The road map recommended refocusing back on the 2006 strategy and its objectives, and proposed a comprehensive action plan for the government of Armenia and IFI stakeholders to fully implement reforms within the following two years for several key operational components: electronic tendering, the introduction of procurement planning, basic framework agreements and online framework agreements with e-catalogues, reporting, monitoring, and contract management.
In particular, the road map set out the scope of the secondary legislation, and described standard documents and operational policies needed to complete the implementation of Phase 1 of the reform project, and to prepare the implementation of Phase 2 of the reform strategy. This included actions that would be necessary to upgrade the eProcurement platform purchased in 2008 to accommodate electronic procedures prescribed in the new legislation, and training and capacity building activities for stakeholders that would be necessary in a decentralised public procurement function. The road map also recommended balanced decentralisation, with central purchasing based on framework agreements – compliant with current best practice – as successfully implemented in the eProcurement environment across the EU member states.
While new draft laws were discussed with stakeholders, the EBRD-UNCITRAL Initiative expert team focused on working with the Procurement Support Centre in preparing an upgrade of the eProcurement platform, in order to accommodate the electronic procedures prescribed in the new legislation. To benefit from the experience of EU member states and from best practice in eProcurement, the Initiative experts suggested cooperation with the governments of Cyprus and Portugal, which had already successfully implemented structural public procurement reforms, including introducing eProcurement tools. Through the support of the EU delegation to Armenia, the EBRD UNCITRAL Initiative, in cooperation with the European Commission’s Technical Assistance and Information Exchange (TAIEX), organised capacity building sessions, and Cypriot and Portuguese colleagues shared their practical experience from eProcurement reform implementation in their countries with Armenian specialists.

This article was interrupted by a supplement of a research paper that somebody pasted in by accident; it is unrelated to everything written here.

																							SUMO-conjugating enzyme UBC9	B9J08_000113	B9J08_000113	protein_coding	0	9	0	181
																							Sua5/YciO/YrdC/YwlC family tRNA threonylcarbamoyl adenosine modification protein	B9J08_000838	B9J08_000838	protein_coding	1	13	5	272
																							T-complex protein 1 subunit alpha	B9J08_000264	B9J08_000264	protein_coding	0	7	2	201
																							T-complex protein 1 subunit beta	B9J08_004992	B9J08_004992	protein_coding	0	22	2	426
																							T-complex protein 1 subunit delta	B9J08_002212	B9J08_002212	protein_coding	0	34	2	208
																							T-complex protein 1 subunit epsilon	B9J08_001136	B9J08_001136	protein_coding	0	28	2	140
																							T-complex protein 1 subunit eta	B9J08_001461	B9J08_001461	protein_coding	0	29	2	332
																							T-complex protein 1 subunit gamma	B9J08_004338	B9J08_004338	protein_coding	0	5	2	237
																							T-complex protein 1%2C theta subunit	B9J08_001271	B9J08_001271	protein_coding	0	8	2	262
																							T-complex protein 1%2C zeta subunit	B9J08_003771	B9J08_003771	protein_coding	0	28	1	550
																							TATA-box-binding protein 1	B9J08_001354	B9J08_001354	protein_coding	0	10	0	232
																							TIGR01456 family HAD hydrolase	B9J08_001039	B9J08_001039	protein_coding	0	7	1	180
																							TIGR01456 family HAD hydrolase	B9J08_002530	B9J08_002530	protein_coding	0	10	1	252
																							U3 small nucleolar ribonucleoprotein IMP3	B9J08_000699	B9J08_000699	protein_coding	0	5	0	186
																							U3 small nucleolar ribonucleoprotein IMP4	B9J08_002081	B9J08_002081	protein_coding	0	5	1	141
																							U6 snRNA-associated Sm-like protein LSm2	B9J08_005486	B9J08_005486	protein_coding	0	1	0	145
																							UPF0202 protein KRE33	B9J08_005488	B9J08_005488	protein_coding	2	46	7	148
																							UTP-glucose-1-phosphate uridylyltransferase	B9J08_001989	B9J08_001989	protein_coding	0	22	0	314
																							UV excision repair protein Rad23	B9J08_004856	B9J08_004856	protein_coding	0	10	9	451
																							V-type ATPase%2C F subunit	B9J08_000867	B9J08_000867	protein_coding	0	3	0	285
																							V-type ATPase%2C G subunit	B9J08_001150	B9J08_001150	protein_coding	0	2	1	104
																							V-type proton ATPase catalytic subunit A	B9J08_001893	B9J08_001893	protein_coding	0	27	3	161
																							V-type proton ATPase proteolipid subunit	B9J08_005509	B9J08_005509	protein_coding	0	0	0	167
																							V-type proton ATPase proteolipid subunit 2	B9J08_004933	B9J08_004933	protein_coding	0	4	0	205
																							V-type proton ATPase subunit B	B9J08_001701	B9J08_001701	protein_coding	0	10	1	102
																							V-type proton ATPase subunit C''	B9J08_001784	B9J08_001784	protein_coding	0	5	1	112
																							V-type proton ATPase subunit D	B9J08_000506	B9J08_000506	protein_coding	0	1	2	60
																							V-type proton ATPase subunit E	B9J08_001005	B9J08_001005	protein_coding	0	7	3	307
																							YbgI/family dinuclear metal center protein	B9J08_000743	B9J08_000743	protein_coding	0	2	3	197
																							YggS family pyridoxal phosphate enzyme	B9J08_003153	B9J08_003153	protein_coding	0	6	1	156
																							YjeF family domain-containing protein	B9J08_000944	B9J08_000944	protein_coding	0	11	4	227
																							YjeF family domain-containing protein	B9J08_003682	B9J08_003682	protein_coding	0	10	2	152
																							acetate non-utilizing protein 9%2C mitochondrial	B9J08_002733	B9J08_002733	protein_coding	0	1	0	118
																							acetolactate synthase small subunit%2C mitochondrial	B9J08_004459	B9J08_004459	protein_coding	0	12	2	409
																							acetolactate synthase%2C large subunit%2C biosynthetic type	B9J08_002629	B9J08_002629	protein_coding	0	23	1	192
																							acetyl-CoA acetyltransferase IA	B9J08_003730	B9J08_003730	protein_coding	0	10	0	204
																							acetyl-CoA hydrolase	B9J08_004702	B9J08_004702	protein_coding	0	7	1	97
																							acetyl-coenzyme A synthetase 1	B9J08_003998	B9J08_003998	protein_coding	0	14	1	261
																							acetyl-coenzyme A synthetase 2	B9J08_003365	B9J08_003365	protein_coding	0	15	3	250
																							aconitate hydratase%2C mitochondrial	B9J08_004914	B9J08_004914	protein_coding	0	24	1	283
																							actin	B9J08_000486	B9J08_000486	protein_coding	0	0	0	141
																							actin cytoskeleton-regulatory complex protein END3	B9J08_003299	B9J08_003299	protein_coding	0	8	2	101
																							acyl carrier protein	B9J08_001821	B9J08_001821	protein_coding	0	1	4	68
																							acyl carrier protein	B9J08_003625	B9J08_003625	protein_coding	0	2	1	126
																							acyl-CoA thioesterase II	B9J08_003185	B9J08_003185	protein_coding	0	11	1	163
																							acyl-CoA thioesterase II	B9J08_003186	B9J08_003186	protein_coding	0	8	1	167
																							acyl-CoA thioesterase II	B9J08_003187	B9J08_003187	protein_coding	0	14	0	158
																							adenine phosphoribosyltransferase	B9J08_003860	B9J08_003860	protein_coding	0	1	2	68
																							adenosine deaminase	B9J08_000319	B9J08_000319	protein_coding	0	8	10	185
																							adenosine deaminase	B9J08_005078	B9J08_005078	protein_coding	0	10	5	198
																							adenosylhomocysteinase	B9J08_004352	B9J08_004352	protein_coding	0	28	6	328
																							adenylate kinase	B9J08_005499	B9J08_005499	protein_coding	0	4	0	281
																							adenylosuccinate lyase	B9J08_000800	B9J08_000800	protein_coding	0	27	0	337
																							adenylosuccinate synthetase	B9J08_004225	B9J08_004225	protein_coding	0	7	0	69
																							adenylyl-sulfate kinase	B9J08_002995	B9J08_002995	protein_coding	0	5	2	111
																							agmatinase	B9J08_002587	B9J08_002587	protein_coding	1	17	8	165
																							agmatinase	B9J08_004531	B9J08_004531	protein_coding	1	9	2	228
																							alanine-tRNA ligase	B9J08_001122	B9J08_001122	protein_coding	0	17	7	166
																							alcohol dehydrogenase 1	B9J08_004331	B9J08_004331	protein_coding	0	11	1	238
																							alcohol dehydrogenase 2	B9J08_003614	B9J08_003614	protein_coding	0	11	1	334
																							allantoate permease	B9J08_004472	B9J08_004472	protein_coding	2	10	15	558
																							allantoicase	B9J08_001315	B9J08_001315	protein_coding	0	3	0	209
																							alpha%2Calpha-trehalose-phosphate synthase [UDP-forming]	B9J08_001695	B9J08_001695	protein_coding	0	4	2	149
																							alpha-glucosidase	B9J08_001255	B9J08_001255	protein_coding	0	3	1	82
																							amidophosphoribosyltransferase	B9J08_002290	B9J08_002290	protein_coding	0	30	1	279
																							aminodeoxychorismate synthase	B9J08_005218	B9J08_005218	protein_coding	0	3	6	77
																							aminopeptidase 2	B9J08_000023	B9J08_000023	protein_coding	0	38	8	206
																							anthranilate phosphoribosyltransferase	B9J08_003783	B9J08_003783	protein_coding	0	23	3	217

At the time of writing, the preparation of the platform upgrade was being finalised, and the technical specification for the contracting for the upgrade of the platform had been completed. The World Bank agreed to provide another grant to fund an upgrade of the platform. When upgrade work on the platform is completed the ADB will sponsor a pilot of new eProcurement procedures with selected contracting entities, while the OECD’s SIGMA, USAID and the World Bank will develop a dedicated training programme for contracting entities and suppliers, to be made available from January 2014. The EBRD-UNCITRAL Initiative policy experts will continue advising the Armenian government in order to address any implementation problems with the new electronic procedures.
Through the country project in Armenia, the EBRD-UNCITRAL Initiative team learned several lessons – and tested the 2011 UNCITRAL Model Law’s recommendations – concerning framework agreements and electronic communication and submissions in particular, as well as the Multilateral Development Bank standards for implementing eProcurement reform in the public sector.
1. Policy choices in the public procurement primary legislation should be consistent, and be based on current best practice.In Armenia the new primary law envisaged a fully decentralised system, incorporating framework agreements. However, a balanced decentralisation, with central purchasing based on framework agreements, represents current procurement best practice, which has been successfully implemented in the eProcurement environment across the EU member states.